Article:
WHAT IF CANDIDATE HAS NEVER WORKED BEFORE
One of the problems many recent college graduates face is not being able to provide a prospective employer with work-related references. Why? Because they’ve never really had a full-time job, beyond a brief summer or part-time job during college. So, what is a prospective employer to do if checking references is part of the employee selection process? How do you evaluate past job performance if the candidate has never really had a job before?
The way to approach reference checking under these circumstances is to change the focus of the exercise slightly from “past job performance” to “job performance potential.” If the recent graduate held a summer job, the employer he or she worked for should be a good reference. Other sorts of references that can be substituted include a major professor who knew the candidate, a guidance or career counselor who worked with the candidate, or a faculty advisor who worked with the candidate on some type of campus activity.
With the exception of the summer employer, the focus of the questions shifts in the following sorts of ways: Instead of asking, let’s say, the major professor a question like, “How did so-and-so perform on the job,” which would make no sense at all, the question becomes, “How do you think so-and-so would perform on the job, based on your knowledge of his performance as a student of yours?” Another way to approach the performance question is to ask how the professor would assess the candidate’s performance in the classroom: Did he or she take part in class discussions? Did he or she complete assignments on time? Was he or she always on time for class? Then move on to the more speculative question about future job performance.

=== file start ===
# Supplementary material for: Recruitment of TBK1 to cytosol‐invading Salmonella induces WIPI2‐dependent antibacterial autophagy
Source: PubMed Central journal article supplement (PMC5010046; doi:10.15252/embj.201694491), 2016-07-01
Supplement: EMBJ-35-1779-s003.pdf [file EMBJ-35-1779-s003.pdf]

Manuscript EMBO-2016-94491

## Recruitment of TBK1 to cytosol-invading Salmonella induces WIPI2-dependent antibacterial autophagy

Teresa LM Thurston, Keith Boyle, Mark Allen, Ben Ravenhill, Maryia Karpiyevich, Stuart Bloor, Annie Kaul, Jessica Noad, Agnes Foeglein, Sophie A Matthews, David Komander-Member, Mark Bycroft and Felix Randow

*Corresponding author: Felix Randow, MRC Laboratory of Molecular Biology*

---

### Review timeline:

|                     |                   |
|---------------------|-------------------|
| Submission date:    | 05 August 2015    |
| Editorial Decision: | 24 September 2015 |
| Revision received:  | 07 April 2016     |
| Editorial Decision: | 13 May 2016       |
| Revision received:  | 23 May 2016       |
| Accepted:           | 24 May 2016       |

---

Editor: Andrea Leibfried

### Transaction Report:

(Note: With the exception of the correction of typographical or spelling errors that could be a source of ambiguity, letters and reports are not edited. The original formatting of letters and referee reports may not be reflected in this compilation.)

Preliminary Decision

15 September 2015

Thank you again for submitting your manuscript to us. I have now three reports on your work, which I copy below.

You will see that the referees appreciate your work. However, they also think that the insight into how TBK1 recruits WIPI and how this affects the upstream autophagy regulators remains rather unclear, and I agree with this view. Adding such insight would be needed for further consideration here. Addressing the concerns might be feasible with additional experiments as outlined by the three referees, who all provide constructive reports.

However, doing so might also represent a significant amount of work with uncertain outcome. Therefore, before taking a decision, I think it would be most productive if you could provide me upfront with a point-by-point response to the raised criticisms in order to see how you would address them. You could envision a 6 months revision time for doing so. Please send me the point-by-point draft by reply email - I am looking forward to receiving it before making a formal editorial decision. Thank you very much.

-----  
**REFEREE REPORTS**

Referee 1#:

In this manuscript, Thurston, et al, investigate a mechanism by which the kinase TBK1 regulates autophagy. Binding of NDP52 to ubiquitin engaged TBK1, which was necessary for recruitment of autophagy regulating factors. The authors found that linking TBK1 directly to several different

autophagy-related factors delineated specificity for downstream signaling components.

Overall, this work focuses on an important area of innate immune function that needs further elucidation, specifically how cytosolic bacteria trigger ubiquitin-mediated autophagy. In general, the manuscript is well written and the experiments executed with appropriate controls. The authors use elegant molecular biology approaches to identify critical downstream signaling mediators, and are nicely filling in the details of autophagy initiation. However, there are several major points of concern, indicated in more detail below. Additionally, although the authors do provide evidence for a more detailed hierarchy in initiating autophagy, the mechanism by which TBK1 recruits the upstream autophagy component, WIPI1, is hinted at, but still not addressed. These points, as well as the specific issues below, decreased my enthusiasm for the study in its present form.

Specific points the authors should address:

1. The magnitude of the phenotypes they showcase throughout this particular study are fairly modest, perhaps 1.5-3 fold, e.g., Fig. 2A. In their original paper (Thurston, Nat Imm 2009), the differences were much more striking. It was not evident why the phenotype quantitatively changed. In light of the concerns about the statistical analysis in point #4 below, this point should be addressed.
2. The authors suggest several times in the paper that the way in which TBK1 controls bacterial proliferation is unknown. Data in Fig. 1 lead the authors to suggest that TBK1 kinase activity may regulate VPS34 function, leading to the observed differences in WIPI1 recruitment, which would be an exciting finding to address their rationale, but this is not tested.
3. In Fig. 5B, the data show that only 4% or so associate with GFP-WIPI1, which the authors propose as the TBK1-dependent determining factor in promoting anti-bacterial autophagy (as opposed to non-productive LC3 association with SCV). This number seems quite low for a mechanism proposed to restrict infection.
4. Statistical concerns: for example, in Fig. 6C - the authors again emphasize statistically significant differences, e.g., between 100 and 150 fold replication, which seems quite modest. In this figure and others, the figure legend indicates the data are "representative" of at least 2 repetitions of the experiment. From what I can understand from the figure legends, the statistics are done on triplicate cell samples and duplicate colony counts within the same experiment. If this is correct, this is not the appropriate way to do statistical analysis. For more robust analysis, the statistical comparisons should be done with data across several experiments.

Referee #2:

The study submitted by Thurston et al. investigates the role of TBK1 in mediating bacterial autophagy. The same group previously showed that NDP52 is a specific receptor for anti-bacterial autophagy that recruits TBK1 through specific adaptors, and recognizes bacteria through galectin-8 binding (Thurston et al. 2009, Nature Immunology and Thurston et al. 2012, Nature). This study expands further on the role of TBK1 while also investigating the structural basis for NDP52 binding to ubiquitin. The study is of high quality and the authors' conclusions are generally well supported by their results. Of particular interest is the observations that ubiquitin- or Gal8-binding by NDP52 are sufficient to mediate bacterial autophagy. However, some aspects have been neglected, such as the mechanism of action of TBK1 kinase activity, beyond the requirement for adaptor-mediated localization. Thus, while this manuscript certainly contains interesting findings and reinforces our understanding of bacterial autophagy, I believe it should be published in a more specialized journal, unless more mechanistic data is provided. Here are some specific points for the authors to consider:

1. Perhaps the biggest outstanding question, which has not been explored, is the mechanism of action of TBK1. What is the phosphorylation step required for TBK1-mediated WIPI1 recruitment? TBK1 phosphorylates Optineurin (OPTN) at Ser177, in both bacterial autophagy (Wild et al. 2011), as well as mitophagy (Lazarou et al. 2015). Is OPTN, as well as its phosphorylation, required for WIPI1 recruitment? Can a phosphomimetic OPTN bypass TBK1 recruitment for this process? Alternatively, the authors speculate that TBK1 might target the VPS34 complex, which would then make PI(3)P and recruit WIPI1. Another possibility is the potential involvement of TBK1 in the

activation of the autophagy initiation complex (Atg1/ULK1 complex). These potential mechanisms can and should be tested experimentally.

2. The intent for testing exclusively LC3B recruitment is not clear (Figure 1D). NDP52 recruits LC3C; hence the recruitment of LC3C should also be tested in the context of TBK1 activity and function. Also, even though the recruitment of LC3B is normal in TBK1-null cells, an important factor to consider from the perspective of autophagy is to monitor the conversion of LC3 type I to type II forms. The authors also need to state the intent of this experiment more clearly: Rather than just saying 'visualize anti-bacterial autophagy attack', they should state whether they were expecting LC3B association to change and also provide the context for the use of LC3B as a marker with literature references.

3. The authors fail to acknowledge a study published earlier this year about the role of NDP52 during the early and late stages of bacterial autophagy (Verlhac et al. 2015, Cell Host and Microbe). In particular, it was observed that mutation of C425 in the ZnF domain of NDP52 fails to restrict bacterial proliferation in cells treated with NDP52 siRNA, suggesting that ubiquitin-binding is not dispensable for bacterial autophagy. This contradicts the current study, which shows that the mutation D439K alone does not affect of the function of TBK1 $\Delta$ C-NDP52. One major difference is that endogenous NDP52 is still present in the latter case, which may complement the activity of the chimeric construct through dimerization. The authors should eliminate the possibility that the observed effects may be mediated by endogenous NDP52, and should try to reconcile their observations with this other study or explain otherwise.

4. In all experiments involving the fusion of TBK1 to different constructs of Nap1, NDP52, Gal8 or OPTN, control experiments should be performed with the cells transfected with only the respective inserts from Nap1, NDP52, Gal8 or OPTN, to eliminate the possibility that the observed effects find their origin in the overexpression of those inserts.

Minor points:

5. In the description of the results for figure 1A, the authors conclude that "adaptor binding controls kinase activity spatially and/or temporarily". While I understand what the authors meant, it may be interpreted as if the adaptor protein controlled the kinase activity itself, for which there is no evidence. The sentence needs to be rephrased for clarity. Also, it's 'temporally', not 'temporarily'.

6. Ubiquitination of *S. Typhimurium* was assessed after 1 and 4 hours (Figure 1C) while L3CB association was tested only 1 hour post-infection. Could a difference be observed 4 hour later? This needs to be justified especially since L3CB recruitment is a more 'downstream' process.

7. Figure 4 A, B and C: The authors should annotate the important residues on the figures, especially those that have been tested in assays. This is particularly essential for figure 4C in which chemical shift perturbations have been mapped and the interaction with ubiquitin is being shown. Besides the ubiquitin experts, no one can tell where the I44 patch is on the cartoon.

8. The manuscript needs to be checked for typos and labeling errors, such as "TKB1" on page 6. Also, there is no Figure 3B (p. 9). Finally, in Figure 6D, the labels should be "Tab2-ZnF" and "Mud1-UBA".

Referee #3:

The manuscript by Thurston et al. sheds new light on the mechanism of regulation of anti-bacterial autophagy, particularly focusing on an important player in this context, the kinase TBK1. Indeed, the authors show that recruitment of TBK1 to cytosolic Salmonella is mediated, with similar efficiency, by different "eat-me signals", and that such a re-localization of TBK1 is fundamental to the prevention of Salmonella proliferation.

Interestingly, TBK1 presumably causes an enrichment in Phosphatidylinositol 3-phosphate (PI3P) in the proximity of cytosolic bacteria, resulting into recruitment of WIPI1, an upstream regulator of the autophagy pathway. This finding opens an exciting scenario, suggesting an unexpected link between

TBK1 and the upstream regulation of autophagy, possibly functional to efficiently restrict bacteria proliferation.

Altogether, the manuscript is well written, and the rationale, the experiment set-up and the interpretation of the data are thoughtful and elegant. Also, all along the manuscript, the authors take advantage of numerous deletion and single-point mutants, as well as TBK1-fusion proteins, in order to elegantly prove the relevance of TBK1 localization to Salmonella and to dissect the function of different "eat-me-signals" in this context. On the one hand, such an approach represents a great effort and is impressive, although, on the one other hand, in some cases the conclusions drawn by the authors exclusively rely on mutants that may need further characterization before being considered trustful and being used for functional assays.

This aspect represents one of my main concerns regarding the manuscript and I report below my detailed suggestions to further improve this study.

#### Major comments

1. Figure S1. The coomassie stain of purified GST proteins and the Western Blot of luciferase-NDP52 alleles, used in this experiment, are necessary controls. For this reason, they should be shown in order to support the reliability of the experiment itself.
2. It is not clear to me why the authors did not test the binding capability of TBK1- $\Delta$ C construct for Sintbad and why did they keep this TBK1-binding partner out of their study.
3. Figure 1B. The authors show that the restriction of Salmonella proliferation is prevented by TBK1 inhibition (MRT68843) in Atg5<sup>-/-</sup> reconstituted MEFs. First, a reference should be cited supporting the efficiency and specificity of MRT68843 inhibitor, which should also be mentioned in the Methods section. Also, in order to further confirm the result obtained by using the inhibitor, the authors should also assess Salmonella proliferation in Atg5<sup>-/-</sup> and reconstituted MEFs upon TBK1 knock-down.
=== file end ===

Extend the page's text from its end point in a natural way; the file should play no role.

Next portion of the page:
Questions asked of a faculty advisor, on the other hand, can be asked just like ordinary reference questions. Questions like, “What were so-and-so responsibilities when he was part of such-and-such activity?” certainly make sense. Other questions about the ability to work with others, attitudes, communication skills, while not necessarily reflective of extensive past job performance, are indicative, nevertheless, of future job performance.
The fundamental qualities every employee is concerned about can be assessed simply by modifying the questions asked from looking backward at job skills to looking forward to what job performance will be like!
Utilizing this approach can be extremely useful if handled properly. If an employee who knew the candidate during a summer job can be added to the mix, an even more reliable picture of the future can be obtained. While it is true that people grow, mature, and change over time, it is also true that basic qualities like dependability, work ethic, personality, and ability to work with others can be accurately predicted simply by changing the focus of the questions asked.